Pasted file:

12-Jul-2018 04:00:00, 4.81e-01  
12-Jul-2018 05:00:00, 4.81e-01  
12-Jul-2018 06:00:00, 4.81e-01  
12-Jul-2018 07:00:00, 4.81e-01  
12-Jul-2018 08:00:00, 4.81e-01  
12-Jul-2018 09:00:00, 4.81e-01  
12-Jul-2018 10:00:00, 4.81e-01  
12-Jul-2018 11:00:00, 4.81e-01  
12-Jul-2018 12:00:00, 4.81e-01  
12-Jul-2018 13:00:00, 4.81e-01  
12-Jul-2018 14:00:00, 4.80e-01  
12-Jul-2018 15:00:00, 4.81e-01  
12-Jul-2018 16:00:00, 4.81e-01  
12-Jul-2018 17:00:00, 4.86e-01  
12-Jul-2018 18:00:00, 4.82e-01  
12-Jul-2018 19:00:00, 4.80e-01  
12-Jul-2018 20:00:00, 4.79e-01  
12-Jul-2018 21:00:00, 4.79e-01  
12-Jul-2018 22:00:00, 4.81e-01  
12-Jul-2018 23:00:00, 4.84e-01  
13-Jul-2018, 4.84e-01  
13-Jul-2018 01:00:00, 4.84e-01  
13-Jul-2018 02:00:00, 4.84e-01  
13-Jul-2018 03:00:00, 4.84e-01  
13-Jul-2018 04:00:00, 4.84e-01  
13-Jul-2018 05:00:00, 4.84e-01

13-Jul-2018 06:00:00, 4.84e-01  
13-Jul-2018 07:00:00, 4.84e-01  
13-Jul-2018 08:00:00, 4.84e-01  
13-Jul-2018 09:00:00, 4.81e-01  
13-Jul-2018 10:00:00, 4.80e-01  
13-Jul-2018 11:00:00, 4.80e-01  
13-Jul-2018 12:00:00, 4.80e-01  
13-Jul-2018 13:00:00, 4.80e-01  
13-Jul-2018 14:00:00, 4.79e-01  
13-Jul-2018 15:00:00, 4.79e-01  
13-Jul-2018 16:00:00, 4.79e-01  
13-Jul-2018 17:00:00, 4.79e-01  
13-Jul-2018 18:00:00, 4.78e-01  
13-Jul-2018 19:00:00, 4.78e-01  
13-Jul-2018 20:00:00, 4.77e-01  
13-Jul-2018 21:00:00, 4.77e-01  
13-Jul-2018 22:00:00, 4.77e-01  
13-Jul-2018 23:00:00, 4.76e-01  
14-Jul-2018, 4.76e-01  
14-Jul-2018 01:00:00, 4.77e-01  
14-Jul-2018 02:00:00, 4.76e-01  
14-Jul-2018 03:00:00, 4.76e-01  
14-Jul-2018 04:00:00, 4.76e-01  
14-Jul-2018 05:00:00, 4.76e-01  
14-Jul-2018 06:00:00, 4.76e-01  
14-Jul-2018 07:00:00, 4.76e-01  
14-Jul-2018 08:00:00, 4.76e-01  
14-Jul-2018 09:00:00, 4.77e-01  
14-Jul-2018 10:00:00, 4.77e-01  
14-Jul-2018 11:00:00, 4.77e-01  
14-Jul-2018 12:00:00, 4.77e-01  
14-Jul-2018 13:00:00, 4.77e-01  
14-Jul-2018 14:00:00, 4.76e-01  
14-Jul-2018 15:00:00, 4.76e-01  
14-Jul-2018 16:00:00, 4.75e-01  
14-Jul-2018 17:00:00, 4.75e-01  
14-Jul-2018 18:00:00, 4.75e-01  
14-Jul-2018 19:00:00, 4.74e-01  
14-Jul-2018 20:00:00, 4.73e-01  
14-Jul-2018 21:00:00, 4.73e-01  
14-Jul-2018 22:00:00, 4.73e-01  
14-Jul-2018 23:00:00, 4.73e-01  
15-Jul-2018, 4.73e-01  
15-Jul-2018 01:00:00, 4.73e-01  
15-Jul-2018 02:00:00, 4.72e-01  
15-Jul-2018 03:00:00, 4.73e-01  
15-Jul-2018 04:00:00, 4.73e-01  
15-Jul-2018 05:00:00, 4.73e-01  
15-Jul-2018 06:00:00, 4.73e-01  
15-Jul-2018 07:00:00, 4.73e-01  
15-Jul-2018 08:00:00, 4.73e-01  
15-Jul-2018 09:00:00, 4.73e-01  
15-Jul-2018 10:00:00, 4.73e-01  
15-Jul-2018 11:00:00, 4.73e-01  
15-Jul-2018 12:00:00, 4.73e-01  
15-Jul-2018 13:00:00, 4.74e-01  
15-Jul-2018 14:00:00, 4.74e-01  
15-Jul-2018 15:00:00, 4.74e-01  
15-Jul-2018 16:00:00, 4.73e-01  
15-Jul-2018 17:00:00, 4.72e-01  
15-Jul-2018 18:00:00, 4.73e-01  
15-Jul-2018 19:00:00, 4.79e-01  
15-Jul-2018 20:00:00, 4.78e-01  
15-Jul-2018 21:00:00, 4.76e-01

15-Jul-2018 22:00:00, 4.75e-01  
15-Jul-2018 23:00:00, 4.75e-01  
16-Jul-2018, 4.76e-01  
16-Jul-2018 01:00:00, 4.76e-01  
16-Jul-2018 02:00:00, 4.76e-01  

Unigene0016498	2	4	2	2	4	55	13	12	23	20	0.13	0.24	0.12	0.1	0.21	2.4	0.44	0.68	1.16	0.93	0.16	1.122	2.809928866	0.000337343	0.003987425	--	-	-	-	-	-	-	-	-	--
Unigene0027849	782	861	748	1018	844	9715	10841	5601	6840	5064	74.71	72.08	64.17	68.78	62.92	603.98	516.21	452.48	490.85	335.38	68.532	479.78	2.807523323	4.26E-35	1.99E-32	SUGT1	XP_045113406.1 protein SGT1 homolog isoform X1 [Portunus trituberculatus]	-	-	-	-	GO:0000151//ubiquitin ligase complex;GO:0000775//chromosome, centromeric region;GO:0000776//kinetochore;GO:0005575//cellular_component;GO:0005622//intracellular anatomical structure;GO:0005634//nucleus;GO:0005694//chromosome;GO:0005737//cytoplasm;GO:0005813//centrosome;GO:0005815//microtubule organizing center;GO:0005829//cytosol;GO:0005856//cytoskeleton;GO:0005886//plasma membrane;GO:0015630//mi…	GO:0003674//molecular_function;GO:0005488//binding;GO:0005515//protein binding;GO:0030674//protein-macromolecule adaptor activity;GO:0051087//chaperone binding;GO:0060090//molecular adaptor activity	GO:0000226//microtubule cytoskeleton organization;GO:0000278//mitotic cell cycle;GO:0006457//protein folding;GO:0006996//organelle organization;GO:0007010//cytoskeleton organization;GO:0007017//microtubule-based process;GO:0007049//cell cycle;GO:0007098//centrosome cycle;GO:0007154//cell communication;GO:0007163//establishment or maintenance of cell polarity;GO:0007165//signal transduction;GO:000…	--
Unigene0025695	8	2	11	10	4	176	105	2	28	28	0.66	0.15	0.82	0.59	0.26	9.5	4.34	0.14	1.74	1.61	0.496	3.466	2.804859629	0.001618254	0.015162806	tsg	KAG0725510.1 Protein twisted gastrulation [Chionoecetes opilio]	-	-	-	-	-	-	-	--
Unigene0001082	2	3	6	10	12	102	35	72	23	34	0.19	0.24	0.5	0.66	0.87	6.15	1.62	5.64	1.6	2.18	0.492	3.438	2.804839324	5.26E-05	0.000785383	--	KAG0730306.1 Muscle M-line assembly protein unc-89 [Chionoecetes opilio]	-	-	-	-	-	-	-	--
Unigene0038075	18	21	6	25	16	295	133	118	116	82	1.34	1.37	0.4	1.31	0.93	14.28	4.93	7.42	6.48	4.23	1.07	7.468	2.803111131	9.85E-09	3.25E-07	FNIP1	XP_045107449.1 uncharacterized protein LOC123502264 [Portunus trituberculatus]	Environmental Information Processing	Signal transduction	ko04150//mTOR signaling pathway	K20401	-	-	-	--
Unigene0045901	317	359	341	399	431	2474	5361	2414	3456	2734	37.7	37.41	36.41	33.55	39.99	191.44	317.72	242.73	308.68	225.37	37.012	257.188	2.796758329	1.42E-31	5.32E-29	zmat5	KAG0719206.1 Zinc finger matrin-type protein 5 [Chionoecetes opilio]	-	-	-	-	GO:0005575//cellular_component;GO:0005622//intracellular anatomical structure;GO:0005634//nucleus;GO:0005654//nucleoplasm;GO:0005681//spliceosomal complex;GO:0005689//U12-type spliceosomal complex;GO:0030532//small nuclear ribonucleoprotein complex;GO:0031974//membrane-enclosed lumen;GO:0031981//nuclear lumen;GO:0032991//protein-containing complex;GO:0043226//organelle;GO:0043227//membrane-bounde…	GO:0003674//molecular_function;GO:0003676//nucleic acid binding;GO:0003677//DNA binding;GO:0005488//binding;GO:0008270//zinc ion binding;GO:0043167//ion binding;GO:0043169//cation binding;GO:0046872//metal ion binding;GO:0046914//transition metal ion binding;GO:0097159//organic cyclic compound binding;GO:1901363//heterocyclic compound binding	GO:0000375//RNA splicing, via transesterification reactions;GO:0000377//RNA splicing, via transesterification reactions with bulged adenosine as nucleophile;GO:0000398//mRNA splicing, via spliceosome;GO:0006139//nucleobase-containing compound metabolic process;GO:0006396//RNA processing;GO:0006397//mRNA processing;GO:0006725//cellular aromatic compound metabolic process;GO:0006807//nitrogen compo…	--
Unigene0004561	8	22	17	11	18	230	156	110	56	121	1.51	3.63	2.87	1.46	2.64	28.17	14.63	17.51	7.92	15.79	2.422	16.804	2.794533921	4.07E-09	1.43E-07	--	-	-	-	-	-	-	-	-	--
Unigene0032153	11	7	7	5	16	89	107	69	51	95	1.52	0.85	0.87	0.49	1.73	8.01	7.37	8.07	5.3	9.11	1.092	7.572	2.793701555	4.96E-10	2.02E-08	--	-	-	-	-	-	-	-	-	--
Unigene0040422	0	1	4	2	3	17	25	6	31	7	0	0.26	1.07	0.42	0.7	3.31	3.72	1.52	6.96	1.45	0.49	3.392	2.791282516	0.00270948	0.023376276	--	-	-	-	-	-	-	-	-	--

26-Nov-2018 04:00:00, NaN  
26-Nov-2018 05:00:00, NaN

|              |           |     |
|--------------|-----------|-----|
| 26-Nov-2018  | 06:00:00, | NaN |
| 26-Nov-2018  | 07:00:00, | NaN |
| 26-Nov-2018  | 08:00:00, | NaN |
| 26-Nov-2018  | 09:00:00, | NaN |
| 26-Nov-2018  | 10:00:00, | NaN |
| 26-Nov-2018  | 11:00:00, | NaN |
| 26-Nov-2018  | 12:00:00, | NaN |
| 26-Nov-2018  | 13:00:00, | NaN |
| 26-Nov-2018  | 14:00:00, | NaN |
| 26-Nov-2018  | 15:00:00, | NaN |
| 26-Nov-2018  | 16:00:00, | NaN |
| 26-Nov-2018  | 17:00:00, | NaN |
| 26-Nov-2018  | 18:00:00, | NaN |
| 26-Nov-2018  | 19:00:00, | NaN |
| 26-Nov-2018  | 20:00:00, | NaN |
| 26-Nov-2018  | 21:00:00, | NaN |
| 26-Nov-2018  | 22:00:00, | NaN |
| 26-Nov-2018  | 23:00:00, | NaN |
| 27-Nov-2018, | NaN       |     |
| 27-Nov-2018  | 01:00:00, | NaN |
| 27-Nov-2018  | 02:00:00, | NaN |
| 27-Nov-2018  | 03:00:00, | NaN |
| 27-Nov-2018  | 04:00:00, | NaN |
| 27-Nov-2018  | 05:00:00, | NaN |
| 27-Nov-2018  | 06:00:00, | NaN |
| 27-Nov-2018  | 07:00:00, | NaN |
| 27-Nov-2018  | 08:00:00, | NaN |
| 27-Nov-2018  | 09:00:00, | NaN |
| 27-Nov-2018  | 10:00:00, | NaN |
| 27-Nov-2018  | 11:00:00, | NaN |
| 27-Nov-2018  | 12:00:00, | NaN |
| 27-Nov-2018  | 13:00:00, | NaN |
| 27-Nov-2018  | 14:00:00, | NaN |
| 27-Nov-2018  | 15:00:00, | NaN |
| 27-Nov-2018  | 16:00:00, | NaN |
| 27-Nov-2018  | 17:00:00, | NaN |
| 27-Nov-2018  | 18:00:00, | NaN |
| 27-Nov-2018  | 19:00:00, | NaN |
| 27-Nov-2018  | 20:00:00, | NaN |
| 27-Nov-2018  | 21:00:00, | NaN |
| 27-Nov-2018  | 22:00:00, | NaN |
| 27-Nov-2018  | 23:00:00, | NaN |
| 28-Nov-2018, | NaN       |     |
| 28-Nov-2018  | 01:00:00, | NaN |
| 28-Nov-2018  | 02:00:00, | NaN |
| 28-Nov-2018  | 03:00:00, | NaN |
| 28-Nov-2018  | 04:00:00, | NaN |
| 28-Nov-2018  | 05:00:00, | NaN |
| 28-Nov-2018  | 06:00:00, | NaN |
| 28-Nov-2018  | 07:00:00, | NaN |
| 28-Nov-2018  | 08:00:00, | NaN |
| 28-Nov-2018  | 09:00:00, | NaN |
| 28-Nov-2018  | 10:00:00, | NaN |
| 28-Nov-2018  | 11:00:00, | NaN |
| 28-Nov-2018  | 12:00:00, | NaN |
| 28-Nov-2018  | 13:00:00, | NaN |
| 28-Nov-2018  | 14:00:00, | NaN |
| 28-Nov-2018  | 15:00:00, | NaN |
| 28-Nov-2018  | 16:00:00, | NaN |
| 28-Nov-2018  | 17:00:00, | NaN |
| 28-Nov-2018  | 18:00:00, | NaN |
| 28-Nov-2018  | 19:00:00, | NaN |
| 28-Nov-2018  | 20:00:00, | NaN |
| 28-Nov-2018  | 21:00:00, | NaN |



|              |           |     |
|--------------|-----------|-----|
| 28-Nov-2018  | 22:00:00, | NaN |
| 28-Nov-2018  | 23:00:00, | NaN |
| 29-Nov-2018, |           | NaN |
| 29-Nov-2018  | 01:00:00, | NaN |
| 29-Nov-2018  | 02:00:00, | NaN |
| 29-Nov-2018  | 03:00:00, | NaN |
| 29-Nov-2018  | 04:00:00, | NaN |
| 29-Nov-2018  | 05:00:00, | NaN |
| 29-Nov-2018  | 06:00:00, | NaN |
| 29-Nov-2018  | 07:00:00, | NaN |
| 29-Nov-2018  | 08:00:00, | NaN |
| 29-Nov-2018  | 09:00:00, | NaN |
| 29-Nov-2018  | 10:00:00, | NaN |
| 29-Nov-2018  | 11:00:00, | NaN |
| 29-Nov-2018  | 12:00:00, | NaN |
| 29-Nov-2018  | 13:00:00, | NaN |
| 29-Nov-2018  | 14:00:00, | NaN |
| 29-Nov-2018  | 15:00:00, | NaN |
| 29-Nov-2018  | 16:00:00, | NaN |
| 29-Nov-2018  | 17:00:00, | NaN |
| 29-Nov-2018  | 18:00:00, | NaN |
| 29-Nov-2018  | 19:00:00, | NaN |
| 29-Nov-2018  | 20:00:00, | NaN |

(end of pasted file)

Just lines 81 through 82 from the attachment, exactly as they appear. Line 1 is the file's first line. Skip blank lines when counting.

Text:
15-Jul-2018 12:00:00, 4.73e-01  
15-Jul-2018 13:00:00, 4.74e-01  